The Myth of the Red Chocolate Cake II

I’ve received a little flak this past week from readers who didn’t think my red chocolate myth busting post from last Tuesday was rigorous enough. “No Dutched chocolate!” “You didn’t heat it!”

So OK then. Here goes. First we have a slurry of un-Dutched Ghiradelli cocoa powder and water. Left to right, with a teaspoon of tartaric acid, a teaspoon of baking soda and a combination of both (but only half a teaspoon of each because I didn’t want it exploding all over the place like last time).

Nothing is happening with the acid, we’ve got a little reaction going with the soda (un-Dutched cocoa is slightly acidic, remember) and a nice reaction going with both, as you’d expect. Are any of them even a little red, however? No.

Here they are after they’ve been brought to near boiling, after 45 seconds in the microwave. Very interesting. And very not red.

Now the same with some Dutched Droste cocoa powder. Nothing going on the left with the acid, also nothing going in the middle with the soda (Dutched cocoa is not acidic, it’s a large part of the point of Dutching) and a reaction starting with the combo. Other than the fact that this cocoa wasn’t as dark as I expected compared to the un-Dutched, there’s nothing surprising here. No redness.

Here they are after the same 45-second shot in the microwave. Not red. Not red. And definitely not red.

So I think we’ve fairly definitively dispelled a myth here, and there shall be no more experiments as Mrs. Pastry is already upset enough about the waste of expensive cocoa. If you have a counter-experiment to disprove me, by all means send pictures!

23 thoughts on “The Myth of the Red Chocolate Cake II”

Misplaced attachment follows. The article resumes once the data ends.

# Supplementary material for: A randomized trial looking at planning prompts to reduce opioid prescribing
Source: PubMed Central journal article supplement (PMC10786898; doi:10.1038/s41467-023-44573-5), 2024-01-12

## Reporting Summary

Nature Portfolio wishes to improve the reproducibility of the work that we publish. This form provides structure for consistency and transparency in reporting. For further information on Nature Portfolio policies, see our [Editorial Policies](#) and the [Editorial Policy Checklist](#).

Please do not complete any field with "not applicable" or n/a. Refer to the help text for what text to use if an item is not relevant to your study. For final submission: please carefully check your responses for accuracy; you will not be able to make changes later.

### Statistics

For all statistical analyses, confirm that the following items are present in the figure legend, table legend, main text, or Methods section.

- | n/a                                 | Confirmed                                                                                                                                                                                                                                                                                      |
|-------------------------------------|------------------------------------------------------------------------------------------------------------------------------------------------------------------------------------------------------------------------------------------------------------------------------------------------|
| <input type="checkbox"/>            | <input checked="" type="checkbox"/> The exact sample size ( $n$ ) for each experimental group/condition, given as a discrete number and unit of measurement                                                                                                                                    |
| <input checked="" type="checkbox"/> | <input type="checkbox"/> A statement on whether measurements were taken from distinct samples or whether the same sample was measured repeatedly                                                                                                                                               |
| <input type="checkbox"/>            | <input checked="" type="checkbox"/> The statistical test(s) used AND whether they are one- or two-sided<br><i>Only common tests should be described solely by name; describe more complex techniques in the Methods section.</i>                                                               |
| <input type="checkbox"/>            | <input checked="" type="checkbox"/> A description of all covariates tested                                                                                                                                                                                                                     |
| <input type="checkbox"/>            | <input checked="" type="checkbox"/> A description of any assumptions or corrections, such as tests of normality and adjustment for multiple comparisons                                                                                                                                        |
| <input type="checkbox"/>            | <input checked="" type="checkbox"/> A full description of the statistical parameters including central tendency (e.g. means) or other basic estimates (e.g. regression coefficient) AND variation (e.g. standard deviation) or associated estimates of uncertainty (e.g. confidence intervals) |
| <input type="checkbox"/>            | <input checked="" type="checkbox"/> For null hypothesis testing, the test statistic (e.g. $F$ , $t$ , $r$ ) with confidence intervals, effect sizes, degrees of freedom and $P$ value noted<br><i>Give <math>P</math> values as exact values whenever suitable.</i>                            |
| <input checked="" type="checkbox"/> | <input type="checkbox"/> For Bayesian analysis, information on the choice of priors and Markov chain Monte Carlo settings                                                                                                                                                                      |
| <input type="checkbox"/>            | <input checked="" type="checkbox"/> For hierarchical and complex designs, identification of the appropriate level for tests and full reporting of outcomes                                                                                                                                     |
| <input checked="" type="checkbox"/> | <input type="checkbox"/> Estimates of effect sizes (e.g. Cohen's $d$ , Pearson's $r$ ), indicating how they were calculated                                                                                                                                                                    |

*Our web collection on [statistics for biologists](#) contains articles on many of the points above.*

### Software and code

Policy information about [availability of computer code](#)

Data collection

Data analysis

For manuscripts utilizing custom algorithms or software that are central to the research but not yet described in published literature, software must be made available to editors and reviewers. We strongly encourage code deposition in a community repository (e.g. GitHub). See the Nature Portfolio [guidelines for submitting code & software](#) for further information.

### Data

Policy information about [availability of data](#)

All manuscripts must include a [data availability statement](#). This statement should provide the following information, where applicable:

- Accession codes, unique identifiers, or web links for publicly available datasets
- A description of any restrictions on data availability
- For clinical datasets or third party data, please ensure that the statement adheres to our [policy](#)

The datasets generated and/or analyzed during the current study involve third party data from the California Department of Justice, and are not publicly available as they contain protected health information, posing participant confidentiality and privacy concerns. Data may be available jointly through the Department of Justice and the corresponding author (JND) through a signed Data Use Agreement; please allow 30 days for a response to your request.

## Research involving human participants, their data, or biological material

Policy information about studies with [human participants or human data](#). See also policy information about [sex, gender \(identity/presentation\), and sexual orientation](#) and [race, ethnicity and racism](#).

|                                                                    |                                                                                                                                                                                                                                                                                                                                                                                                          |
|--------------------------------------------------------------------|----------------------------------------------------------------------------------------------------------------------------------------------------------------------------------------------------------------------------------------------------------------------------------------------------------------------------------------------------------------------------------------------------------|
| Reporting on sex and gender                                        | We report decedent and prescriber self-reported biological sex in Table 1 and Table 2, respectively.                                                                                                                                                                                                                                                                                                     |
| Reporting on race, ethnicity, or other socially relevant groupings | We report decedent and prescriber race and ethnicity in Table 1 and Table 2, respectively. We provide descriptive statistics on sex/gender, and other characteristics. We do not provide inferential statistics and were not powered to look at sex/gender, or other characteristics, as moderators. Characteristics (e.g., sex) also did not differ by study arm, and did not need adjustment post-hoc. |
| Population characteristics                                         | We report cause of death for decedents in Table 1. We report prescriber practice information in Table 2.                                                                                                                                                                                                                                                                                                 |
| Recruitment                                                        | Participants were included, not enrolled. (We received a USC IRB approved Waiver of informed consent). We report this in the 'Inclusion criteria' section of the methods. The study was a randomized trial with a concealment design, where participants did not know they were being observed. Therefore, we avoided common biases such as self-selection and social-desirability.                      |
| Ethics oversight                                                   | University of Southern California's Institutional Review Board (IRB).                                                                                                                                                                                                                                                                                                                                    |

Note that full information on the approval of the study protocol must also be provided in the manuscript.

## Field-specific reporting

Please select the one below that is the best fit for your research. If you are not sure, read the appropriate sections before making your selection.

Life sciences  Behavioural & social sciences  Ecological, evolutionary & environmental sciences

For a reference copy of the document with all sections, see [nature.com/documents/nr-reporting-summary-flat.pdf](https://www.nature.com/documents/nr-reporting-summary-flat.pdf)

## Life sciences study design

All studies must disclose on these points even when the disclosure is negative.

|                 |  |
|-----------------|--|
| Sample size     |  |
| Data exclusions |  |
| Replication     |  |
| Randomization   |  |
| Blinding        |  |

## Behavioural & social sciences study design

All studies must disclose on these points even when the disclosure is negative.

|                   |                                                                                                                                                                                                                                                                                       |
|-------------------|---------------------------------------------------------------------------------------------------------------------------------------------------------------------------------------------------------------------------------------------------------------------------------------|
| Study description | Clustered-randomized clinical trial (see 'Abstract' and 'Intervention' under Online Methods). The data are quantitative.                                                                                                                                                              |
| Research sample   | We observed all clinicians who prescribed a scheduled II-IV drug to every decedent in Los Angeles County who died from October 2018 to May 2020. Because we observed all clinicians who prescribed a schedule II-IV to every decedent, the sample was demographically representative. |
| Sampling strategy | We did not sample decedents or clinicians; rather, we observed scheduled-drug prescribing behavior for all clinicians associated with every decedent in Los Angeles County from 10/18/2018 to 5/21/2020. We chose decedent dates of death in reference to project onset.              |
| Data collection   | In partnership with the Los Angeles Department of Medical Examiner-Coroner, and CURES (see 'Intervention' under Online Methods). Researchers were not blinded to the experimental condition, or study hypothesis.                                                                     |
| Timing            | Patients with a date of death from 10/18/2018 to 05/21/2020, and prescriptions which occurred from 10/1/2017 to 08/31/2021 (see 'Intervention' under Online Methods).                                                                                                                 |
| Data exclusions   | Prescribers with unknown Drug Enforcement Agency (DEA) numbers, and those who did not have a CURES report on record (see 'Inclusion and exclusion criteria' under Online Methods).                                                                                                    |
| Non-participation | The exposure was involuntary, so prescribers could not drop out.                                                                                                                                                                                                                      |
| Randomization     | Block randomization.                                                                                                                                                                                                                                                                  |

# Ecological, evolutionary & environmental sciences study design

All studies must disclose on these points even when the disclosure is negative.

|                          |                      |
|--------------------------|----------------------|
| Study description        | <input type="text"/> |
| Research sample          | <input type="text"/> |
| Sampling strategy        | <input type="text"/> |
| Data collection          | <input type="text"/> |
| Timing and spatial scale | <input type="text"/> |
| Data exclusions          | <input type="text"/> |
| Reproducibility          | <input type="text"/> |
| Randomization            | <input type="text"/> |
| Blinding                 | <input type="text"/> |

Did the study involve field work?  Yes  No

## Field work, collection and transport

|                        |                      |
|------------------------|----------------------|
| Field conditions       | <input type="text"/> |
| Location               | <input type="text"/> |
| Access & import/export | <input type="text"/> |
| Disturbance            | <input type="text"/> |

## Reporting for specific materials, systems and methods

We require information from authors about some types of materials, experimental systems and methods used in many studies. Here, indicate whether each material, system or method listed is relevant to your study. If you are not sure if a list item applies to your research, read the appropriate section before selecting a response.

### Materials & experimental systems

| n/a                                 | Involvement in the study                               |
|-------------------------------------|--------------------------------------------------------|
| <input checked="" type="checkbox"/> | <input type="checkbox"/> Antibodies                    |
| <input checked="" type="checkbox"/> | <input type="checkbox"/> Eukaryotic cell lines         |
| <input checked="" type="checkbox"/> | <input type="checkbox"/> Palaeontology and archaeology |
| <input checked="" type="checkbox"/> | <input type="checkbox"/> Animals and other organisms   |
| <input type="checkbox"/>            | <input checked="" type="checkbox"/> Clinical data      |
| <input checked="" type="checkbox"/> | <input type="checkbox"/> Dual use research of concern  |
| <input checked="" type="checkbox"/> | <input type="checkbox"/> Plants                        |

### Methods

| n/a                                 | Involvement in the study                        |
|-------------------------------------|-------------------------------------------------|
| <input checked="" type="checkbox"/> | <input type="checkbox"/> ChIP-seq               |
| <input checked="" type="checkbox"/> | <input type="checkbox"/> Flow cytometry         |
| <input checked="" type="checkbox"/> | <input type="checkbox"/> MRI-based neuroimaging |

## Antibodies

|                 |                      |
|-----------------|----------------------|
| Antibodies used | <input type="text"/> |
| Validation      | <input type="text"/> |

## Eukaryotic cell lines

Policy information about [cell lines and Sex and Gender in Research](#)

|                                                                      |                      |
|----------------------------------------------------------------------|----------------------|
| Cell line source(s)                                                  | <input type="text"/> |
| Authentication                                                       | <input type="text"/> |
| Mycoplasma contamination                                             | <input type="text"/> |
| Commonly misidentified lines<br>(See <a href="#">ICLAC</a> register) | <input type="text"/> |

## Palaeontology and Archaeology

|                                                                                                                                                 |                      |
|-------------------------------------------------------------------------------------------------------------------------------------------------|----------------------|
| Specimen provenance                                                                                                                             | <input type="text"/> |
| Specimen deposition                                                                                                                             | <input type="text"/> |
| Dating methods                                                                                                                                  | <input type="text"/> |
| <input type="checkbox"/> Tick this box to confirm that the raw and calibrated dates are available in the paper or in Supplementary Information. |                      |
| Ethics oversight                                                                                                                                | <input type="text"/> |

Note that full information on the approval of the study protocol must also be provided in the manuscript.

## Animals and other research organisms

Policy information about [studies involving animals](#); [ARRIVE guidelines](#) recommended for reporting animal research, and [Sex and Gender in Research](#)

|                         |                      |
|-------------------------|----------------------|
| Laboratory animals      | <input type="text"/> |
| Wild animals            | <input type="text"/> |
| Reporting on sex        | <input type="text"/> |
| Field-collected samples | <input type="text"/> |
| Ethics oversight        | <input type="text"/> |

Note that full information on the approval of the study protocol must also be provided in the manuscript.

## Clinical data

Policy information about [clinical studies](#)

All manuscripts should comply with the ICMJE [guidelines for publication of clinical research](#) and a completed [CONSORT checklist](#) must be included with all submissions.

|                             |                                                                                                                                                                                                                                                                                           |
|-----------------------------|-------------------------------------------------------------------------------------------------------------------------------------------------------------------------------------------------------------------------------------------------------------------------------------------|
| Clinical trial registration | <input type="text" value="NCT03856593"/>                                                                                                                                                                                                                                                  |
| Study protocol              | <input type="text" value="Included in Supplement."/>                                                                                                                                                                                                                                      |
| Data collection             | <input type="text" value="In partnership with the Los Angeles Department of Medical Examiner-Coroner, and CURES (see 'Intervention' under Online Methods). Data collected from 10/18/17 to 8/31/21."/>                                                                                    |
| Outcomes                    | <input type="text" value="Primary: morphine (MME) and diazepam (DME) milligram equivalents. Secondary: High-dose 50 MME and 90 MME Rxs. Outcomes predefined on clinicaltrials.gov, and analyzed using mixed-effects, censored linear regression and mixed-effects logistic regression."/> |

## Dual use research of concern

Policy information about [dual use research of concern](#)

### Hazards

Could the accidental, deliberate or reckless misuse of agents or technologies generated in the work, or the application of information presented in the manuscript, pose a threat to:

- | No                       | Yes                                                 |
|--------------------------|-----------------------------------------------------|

1. Okay, now explain why the cocoa pots looked more “cooked” from left to right. 🙂

    Especially the un-Dutched cocoa. The tartaric acid looks nearly the same, the baking soda looks like pudding and the combo looks like a brownie (mmm…brownies)

    1. Hey Ursula!

      It’s the soda. Alkalinity encourages browning reactions. It’s why bagels and pretzels are boiled with soda or lye…so that crusts get crispy and nut-brown in the oven. So that’s what happening there. As for why the right-most samples are the darkest after heat, I’m not completely sure. It might have something to do with more bubbles and more surface area…perhaps the CO2 comes into play…something to cause more browning reactions. I’ll have to think on that one. A great question!

      – Joe

      1. Also, by adding soda, you must be sort of “Dutching” the cocoa – or increasing the Dutchedness – thereby making it darker anyway.

  2. This might be a good opportunity for people to think about hitting the Tip Jar so the science can continue unabated. ;>

  3. I think your last line is the most important. It would be impossible to prove the red color DIDN’T come from the chocolate because someone will always be able to say you missed something. If someone says the red does come from the chocolate have them post pictures & a recipe so we can try it ourselves.

    What could be better? Science AND chocolate cake!

    1. And I’m the first to admit I ain’t no chemist! 😉

      I’m a guy with some cocoa and a microwave.

      Thanks, Frankly!

      – Joe

  4. While not fire-engine red, the un-Dutched Ghiradelli does appear auburn to me, which I suspect was the origin of the whole “red chocolate cake” story to begin with. Auburn hair is often called “reddish” without being RED red 😉

    Not to be contrary; I just like justifying a food tradition…

    1. Hehe…you may hold whatever opinion you wish, Gloria! I’m just sayin’…if someone came up off the street and held this out to you and said “what color is this?”…what would you say?

      Would you look for shades of red in it if it weren’t chocolate? Me thinks…not. 😉

      Cheers and thanks for the comment!

      – Joe

  5. Currently doing my own experimental series on those 😉